“Most of those witnesses changed their statements on what they had observed,” Cook told the court.

She said it factored into the offered plea arrangement.

It was the second plea hearing Leach has attended. In 2009, he was expected to accept a similar deal but bolted at the last second.

“I didn't do it. I'd rather go back to my cell,” he said in court at the time.

The Rowan County District Attorney's Office was going to reduce the first-degree murder charge to second-degree murder and consolidate a rioting charge and an unrelated gun charge.

On Tuesday, Leach pleaded to felony voluntary manslaughter, felony inciting a riot and felony possession of a firearm by a felon.

Because of prior charges, he will receive credit for a little more than four of the six years he spent behind bars since the shooting.

'Mr. Jordan, I didn't kill that little girl'

Jordan, Leach's attorney, painted a different picture of a 16-year-old boy — primarily raised by his grandmother — who had spent virtually no time with his father.

Leach's dad remains in jail for second-degree murder, Jordan said. He's been there for more than 20 years.

When the 16-year-old Leach allegedly pulled the trigger in 2007, his then-girlfriend was a little more than a month pregnant with his daughter.

“He hasn't had anybody, had a father figure, at all in his life,” Jordan said of his client.

The attorney said Leach agreed to the deal because he wanted to see his own child outside of the guarded walls one day.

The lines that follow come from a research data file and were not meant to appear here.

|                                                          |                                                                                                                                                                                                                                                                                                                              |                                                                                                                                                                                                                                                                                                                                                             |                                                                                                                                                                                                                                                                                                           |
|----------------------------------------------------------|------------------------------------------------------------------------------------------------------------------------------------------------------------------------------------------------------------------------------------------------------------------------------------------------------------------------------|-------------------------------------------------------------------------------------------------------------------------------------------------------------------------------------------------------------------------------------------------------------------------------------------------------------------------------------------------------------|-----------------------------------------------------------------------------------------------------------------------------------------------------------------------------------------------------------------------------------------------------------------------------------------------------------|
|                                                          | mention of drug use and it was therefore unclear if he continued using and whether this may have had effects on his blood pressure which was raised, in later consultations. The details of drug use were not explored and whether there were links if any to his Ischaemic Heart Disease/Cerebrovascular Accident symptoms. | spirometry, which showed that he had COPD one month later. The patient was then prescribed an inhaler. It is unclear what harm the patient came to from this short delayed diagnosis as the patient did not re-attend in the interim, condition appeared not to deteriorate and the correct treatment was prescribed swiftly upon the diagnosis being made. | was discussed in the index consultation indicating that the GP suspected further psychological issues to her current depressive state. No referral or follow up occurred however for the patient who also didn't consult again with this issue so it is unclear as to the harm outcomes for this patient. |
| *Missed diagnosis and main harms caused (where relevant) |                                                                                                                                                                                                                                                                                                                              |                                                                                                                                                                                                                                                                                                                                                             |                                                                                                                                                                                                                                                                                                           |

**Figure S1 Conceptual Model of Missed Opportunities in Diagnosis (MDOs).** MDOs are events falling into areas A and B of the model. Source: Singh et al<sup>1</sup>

“Now his daughter is right at 6 years old,” Jordan said. “A daughter that he's never held. He's only seen her through prison visits.”

Noting he had taken the case well after the start, Jordan said he's seen remorse from Leach, but his client has maintained his innocence.

“He has told me on numerous occasions, 'Mr. Jordan, I didn't kill that little girl, but I feel responsible because I was out there that night doing what I shouldn't have been doing,' ” Jordan said.

Improving on improvement

Feamster's death was met with public outcries to halt gang violence in Salisbury.

Following Leach's remarks, Police Chief Rory Collins told the court the shootout changed the way Salisbury looks at gangs.

“This situation did have a major impact on the community,” Collins said. “We have a pretty strong emphasis on gang activity that really began as a result of this scenario.”

“I can't imagine a sadder situation,” Superior Court Judge W. Erwin Spainhour replied.

The courtroom remained relatively quiet with the occasional mumble from a family member. Feamster's mother dabbed her eyes with a tissue.

Standing beside Jordan, Leach spoke calmly, his head cocked to the left.

The Feamster family did not speak at the hearing. They could not be reached for comment afterward.

In a statement following the hearing, the DA said witness cooperation, changed statements and the circumstantial evidence played into the plea decision.

“In making the difficult decision to accept a plea to felony voluntary manslaughter in this particular case, the state conducted a professional and objective assessment of the competent and admissible evidence,” Cook wrote.

“Our office worked closely with Treasure Feamster's parents as well as with the Salisbury Police Department. We hope this disposition will help bring some closure to the family of Treasure Feamster.”

After the shooting, then-Mayor Susan Kluttz hosted a series of “gang summits” for residents ready to get involved.

The city mandated a curfew for children. Area churches also began new summer and after-school programs.

Last fall, Kluttz said Salisbury can still improve.

“We've done a lot, as far as prevention and awareness,” Kluttz said. “But I think there's a lot that still needs to be done.”



Contact reporter Nathan Hardin at 704-797-4246.